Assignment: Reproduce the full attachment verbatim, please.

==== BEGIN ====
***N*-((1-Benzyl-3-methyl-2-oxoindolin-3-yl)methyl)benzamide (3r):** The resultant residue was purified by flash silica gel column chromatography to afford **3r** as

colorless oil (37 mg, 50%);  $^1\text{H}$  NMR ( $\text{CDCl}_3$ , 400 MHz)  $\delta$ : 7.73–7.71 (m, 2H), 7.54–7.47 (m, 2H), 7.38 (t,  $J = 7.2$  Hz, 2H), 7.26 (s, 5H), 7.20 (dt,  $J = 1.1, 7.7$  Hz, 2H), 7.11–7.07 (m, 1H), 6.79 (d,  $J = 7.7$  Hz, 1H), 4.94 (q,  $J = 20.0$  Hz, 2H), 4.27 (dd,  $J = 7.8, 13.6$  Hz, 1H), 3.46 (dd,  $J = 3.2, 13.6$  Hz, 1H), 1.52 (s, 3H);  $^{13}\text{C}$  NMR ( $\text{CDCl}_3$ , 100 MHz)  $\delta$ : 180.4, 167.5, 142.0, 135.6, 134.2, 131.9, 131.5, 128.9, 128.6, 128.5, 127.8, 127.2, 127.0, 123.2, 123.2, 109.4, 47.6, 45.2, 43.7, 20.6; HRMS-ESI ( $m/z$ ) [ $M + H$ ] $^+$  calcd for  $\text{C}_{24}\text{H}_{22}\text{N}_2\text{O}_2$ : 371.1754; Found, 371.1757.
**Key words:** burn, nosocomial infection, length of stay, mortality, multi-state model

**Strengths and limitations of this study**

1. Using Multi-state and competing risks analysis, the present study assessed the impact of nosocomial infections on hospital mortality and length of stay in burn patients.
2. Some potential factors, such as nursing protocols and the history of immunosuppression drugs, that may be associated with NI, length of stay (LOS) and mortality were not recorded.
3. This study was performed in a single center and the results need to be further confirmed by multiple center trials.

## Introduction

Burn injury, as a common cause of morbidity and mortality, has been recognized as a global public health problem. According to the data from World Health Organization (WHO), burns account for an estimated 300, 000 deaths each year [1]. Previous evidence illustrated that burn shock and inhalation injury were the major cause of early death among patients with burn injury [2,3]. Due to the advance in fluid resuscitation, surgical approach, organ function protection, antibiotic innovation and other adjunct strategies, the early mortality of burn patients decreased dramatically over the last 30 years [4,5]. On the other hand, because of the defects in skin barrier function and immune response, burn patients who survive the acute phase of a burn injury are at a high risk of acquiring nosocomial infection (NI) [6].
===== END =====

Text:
***N*-((1-Benzyl-3-methyl-2-oxoindolin-3-yl)methyl)benzamide (3r):** The resultant residue was purified by flash silica gel column chromatography to afford **3r** as

colorless oil (37 mg, 50%);  $^1\text{H}$  NMR ( $\text{CDCl}_3$ , 400 MHz)  $\delta$ : 7.73–7.71 (m, 2H), 7.54–7.47 (m, 2H), 7.38 (t,  $J = 7.2$  Hz, 2H), 7.26 (s, 5H), 7.20 (dt,  $J = 1.1, 7.7$  Hz, 2H), 7.11–7.07 (m, 1H), 6.79 (d,  $J = 7.7$  Hz, 1H), 4.94 (q,  $J = 20.0$  Hz, 2H), 4.27 (dd,  $J = 7.8, 13.6$  Hz, 1H), 3.46 (dd,  $J = 3.2, 13.6$  Hz, 1H), 1.52 (s, 3H);  $^{13}\text{C}$  NMR ( $\text{CDCl}_3$ , 100 MHz)  $\delta$ : 180.4, 167.5, 142.0, 135.6, 134.2, 131.9, 131.5, 128.9, 128.6, 128.5, 127.8, 127.2, 127.0, 123.2, 123.2, 109.4, 47.6, 45.2, 43.7, 20.6; HRMS-ESI ( $m/z$ ) [ $M + H$ ] $^+$  calcd for  $\text{C}_{24}\text{H}_{22}\text{N}_2\text{O}_2$ : 371.1754; Found, 371.1757.
**Key words:** burn, nosocomial infection, length of stay, mortality, multi-state model

**Strengths and limitations of this study**

1. Using Multi-state and competing risks analysis, the present study assessed the impact of nosocomial infections on hospital mortality and length of stay in burn patients.
2. Some potential factors, such as nursing protocols and the history of immunosuppression drugs, that may be associated with NI, length of stay (LOS) and mortality were not recorded.
3. This study was performed in a single center and the results need to be further confirmed by multiple center trials.

## Introduction

Burn injury, as a common cause of morbidity and mortality, has been recognized as a global public health problem. According to the data from World Health Organization (WHO), burns account for an estimated 300, 000 deaths each year [1]. Previous evidence illustrated that burn shock and inhalation injury were the major cause of early death among patients with burn injury [2,3]. Due to the advance in fluid resuscitation, surgical approach, organ function protection, antibiotic innovation and other adjunct strategies, the early mortality of burn patients decreased dramatically over the last 30 years [4,5]. On the other hand, because of the defects in skin barrier function and immune response, burn patients who survive the acute phase of a burn injury are at a high risk of acquiring nosocomial infection (NI) [6].